Don't Let The Pandemic Winter Get You Down: 9 Creative Ways To Socialize Safely
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2020 is behind us. The pandemic is not. But even without seeing each other in person, we can stay connected. NPR's Rhitu Chatterjee reports that one family found a way.
RHITU CHATTERJEE, BYLINE: Back in June of last year, Vladimir Celestin's 95-year-old grandmother had some mild seizures. The family was worried she might have COVID-19.
VLADIMIR CELESTIN: The idea of anything happening to grandma, and - so we were very scared.
CHATTERJEE: Thankfully, she tested negative and got better. Celestin is Haitian American and lives in Baltimore. He says his grandmother, who lives with his parents in Long Island, N.Y., is at the core of not just his immediate family - his parents, his two sisters - but also his extended family - his aunts, uncles and cousins.
V CELESTIN: They heavily weigh in on the ability of my grandmother to be that spiritual rock for us when times are difficult.
CHATTERJEE: And so after her health scare, they decided they would check in on her and each other more often. When they realized they couldn't visit her for Christmas because of the pandemic, they decided to make a virtual present for her. They put together old family photos of all of her descendants.
V CELESTIN: All of her children and all of her grandchildren, her great-grandchildren also.
CHATTERJEE: The photos also told the story of the family's journey from Haiti to New York and then to different cities in eastern United States and Canada. One of his cousins in Canada put the photos together in a slideshow. On Christmas Day, they got together on a Zoom call and presented it to Grandma.
FRANCOISE RAPHAEL: (Speaking Creole).
CHATTERJEE: That's Celestin's grandmother, Francoise Raphael (ph), speaking in Creole. Her daughter, Josie Celestin, translates.
JOSIE CELESTIN: She said she was so happy. She feels a joy in her heart that she's never felt before. She almost start crying, she said (laughter).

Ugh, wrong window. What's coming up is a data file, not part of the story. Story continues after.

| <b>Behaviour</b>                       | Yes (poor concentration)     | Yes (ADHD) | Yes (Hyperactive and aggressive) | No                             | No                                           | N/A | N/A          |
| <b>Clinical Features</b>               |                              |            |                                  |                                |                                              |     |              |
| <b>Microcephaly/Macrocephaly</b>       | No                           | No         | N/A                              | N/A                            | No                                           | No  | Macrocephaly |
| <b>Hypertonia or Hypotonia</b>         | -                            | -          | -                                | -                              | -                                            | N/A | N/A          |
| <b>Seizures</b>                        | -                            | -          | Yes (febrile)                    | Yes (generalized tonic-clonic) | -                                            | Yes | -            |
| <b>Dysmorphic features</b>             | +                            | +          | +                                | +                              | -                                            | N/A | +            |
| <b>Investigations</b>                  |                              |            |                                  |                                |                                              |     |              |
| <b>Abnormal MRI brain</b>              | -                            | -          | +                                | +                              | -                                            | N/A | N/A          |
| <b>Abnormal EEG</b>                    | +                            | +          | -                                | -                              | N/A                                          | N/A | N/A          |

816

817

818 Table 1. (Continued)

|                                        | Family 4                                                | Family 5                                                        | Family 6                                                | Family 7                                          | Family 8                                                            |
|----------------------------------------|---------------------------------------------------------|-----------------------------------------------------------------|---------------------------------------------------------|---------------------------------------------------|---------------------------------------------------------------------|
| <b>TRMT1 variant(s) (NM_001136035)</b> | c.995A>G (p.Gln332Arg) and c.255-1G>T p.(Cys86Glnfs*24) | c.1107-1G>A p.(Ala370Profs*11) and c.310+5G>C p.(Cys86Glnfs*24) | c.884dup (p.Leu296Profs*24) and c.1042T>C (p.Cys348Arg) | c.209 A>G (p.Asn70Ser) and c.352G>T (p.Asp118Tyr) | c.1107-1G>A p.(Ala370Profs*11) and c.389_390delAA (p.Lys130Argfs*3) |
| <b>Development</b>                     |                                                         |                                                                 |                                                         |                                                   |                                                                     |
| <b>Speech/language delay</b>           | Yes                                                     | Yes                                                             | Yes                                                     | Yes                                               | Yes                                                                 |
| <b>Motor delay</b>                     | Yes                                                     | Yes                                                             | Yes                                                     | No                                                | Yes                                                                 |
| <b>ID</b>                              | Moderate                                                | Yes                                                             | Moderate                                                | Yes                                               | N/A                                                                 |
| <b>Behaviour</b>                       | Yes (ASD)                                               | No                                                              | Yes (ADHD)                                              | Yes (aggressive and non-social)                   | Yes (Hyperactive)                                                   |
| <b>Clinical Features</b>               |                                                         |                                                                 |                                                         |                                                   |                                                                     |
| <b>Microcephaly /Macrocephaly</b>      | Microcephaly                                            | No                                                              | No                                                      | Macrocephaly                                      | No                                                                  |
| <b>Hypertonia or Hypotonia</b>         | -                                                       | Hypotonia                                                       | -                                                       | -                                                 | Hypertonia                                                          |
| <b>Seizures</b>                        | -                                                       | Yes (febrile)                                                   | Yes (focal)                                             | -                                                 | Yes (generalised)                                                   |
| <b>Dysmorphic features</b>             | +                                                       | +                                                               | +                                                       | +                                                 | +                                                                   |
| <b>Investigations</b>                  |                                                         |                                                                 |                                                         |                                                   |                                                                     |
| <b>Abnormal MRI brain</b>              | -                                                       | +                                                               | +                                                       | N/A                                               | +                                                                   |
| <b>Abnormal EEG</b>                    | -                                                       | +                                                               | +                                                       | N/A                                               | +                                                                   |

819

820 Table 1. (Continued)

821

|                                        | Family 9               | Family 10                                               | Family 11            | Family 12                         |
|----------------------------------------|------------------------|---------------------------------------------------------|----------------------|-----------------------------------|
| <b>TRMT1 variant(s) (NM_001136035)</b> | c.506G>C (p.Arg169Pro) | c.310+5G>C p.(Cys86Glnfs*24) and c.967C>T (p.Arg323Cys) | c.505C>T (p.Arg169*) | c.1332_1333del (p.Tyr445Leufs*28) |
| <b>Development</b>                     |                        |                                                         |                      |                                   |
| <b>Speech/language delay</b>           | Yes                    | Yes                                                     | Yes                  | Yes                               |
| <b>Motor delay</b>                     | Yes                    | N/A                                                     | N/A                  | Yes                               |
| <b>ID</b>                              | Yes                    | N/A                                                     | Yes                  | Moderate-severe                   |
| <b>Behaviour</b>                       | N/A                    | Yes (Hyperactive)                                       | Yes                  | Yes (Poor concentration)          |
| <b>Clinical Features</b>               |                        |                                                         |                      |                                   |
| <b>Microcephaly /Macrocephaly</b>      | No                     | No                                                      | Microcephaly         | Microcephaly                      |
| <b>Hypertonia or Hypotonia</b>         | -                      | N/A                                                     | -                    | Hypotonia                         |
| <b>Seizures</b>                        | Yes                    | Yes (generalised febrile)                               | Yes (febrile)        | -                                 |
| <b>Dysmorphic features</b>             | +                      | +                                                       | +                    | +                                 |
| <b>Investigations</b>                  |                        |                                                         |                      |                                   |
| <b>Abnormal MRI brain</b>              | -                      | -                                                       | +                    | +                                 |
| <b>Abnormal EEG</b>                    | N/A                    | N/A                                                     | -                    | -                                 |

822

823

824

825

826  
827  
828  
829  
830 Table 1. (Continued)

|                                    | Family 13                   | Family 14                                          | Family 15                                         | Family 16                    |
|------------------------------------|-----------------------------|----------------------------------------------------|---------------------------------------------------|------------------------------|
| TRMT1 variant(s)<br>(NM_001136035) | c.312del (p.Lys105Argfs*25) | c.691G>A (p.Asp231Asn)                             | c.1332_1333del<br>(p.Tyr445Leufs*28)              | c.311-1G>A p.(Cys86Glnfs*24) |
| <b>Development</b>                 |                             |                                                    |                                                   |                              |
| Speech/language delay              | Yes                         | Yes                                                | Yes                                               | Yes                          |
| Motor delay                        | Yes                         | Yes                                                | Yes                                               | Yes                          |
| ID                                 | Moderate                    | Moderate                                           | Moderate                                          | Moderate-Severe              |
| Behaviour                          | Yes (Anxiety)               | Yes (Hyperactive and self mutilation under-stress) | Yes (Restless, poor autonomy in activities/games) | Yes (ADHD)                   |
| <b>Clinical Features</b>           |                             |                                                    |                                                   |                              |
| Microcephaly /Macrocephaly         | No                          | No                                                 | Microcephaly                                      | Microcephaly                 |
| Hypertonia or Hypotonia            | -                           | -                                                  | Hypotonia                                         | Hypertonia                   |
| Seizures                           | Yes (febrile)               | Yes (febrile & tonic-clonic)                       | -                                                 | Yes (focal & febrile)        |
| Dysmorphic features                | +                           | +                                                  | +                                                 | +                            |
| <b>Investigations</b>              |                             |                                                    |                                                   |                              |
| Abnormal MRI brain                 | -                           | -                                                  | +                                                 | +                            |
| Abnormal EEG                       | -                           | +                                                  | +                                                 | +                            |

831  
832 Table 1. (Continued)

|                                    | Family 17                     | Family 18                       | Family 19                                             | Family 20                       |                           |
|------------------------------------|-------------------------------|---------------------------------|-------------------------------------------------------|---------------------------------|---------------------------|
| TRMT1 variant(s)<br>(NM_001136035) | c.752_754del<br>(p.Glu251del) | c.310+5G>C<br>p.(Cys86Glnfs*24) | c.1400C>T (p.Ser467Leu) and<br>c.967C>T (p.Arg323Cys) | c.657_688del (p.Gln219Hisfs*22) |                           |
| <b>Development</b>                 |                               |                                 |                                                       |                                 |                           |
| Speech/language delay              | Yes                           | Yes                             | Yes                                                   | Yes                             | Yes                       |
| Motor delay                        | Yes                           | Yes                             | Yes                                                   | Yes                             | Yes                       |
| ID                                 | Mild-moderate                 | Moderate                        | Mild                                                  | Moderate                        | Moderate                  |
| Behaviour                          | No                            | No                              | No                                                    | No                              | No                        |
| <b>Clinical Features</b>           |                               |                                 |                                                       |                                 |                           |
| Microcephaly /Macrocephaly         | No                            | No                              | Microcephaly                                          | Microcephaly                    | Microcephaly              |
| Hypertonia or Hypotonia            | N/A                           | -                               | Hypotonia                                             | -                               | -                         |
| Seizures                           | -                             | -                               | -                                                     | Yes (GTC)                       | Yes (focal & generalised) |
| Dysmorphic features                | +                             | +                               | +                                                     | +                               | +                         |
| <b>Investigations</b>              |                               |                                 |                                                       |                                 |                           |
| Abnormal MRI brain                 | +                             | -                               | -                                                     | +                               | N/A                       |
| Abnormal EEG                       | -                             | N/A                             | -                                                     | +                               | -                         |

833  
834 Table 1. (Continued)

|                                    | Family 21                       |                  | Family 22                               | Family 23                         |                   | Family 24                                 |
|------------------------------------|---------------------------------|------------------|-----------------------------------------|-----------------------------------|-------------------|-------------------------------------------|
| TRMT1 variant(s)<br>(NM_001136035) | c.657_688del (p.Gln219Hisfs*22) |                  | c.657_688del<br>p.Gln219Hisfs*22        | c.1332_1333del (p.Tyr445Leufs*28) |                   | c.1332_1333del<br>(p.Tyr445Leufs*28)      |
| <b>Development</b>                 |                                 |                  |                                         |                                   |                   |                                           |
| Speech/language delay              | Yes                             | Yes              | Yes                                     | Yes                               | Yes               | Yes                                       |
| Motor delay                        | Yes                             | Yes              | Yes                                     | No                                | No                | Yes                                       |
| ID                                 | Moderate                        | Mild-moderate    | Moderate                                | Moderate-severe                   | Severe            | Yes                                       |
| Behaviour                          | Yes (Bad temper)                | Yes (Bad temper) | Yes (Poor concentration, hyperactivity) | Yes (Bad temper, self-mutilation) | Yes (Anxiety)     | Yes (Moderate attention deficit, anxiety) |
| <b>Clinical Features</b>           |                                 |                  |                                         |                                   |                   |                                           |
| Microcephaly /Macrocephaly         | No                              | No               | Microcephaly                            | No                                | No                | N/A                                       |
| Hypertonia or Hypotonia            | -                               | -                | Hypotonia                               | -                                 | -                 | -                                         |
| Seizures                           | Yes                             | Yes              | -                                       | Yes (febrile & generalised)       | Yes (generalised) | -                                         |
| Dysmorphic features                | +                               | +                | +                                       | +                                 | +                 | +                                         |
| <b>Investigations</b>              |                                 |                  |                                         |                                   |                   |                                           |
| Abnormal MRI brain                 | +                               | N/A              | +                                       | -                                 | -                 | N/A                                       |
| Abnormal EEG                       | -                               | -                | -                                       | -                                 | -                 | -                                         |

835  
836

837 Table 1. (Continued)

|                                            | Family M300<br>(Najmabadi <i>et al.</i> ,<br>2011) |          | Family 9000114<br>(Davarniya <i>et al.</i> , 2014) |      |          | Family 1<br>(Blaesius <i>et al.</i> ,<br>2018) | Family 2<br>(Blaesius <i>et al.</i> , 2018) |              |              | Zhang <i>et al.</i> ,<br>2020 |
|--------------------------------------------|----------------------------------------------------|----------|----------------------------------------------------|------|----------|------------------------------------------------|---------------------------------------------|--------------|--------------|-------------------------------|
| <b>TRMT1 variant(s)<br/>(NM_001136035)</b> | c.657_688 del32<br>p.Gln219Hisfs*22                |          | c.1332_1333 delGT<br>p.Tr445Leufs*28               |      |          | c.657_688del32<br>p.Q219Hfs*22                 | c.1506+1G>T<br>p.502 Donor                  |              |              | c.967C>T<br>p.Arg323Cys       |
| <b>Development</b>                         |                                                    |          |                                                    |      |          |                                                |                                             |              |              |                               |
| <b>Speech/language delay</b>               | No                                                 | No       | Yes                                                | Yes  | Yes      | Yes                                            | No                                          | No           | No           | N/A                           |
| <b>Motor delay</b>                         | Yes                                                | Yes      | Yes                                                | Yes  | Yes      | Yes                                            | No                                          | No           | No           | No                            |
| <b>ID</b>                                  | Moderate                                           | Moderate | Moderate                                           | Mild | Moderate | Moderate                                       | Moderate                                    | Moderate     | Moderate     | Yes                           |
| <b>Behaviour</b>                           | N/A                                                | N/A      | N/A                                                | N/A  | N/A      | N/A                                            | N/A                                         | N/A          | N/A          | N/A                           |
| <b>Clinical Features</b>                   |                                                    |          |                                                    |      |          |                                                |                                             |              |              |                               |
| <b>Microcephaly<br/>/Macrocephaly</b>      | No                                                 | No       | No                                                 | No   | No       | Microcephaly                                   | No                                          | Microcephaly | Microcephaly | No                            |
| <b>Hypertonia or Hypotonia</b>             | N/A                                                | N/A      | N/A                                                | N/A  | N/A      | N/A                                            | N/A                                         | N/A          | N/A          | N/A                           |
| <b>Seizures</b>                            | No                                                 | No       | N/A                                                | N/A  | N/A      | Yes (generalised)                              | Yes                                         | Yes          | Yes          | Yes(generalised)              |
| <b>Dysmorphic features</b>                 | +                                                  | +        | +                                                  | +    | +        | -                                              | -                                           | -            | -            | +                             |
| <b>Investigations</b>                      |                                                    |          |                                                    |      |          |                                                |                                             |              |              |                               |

CHATTERJEE: Josie says her mother spent hours laughing and talking to everyone. As for her son Vladimir Celestin, he says the whole experience made him feel closer to his family.
V CELESTIN: It was almost like we were learning each other all over again.
CHATTERJEE: Because the old photos brought up family stories and some that he had never heard before, like the time when his mom and aunt were teenagers back in Haiti and their pet parrot got them into trouble.
V CELESTIN: At the time, my Aunt Gladys (ph) - she liked going out often, you know, going out to parties, going out to hang out with friends.
CHATTERJEE: One day, when his great-aunt was watching over his mom and her two sisters, his Aunt Gladys decided she'd sneak out in the evening. Her sisters didn't like the idea and kept warning her not to go out because Auntie would catch her. But Gladys was determined.
V CELESTIN: She gets dressed. She starts making her way out the door. But they completely forget that the bird was obviously hearing this throughout the day. So it decides at this point to start shouting, don't go out. Don't go out. Your aunt's going to catch you. Your aunt's going to catch you.
CHATTERJEE: Which of course, woke their aunt up, and Gladys was in trouble. Celestin says that the virtual family gathering felt more meaningful than many past in-person get-togethers.
V CELESTIN: I think it was understanding that this could have all been lost and really being grateful for the moment that you can recognize this is not just another Zoom call. This is deeper. This is spiritual, in a way.
CHATTERJEE: He says it's ironic that it took a global pandemic to make this possible. Rhitu Chatterjee, NPR News.
(SOUNDBITE OF SHIGETO'S "A CHILD'S MIND")
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